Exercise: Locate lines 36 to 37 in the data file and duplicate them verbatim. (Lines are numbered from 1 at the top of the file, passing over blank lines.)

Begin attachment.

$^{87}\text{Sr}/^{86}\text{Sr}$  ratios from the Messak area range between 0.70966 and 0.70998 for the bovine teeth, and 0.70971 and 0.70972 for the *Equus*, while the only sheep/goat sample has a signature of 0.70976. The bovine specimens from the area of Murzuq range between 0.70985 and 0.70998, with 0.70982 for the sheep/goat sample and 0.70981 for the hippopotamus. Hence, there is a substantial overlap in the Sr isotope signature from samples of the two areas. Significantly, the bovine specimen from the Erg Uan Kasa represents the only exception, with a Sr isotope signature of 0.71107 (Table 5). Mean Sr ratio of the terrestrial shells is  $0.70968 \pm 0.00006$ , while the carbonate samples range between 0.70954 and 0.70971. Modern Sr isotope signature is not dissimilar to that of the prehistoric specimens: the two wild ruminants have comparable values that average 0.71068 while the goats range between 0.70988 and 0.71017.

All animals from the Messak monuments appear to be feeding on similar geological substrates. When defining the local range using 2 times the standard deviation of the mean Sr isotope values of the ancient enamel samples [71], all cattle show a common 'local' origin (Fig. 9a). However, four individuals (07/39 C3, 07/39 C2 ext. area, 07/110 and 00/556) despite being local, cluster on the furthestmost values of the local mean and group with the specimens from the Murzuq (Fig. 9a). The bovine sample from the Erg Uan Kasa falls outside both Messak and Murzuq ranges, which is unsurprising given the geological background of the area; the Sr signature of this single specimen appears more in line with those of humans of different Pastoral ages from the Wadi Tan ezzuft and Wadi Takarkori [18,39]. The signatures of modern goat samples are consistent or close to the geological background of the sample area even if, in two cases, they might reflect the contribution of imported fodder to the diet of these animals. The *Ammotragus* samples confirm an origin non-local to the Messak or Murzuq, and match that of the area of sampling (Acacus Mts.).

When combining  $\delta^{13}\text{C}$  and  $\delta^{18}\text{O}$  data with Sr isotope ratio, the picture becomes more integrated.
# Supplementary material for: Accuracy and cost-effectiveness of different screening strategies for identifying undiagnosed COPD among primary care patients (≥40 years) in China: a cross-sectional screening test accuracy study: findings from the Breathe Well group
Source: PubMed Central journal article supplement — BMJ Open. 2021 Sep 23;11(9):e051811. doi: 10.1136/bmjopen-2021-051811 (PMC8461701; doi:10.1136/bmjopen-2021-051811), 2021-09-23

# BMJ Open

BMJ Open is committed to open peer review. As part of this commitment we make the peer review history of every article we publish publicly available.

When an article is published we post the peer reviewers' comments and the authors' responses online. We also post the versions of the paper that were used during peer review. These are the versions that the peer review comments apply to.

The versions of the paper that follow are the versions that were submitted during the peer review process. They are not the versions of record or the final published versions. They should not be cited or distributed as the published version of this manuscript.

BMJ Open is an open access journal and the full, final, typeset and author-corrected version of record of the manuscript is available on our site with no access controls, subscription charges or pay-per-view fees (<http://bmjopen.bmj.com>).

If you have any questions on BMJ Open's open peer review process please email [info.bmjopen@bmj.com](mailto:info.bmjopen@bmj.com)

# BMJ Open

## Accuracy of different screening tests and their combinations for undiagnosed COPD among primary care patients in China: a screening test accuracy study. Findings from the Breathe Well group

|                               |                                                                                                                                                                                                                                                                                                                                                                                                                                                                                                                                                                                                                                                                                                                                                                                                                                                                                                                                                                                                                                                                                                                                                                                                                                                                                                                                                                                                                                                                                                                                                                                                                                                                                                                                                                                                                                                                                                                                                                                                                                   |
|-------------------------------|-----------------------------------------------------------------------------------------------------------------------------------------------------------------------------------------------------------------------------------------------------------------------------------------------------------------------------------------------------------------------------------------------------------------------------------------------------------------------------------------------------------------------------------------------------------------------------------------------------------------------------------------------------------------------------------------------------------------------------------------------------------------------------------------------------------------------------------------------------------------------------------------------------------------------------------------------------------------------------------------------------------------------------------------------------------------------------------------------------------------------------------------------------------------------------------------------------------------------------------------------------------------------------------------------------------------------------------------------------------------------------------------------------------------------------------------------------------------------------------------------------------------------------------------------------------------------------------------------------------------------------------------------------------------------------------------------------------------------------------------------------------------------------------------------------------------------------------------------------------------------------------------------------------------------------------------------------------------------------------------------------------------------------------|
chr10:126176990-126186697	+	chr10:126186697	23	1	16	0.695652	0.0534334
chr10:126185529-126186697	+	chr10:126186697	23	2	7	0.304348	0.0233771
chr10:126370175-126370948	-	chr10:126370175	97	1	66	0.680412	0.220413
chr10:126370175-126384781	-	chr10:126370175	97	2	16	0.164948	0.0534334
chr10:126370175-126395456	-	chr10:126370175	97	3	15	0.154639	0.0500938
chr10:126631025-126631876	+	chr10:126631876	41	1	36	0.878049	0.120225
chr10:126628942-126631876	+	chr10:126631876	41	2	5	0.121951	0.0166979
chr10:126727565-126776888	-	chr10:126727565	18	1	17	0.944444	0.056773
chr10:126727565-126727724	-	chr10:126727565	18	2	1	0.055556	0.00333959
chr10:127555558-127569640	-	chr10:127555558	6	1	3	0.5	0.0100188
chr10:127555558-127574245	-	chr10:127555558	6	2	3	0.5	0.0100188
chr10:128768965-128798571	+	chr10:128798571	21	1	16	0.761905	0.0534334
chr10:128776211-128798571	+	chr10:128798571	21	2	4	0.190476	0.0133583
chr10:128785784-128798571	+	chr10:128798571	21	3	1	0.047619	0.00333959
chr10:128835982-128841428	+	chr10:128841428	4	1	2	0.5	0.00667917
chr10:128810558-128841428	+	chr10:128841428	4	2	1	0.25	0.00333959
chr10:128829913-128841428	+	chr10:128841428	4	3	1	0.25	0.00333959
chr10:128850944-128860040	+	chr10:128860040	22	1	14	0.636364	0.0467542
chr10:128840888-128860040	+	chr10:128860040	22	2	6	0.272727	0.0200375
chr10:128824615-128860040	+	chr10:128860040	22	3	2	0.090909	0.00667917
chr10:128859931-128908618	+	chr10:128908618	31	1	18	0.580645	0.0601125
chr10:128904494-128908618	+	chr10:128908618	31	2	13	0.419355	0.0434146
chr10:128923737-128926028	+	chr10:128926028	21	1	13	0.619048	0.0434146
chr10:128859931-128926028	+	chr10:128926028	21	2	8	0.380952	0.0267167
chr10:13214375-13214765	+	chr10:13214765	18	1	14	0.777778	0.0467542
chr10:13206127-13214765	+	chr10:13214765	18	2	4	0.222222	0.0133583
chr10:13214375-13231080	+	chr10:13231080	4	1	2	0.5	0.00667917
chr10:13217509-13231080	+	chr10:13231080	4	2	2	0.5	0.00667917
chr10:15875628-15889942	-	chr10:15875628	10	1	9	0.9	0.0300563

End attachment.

chr10:128859931-128908618	+	chr10:128908618	31	1	18	0.580645	0.0601125
chr10:128904494-128908618	+	chr10:128908618	31	2	13	0.419355	0.0434146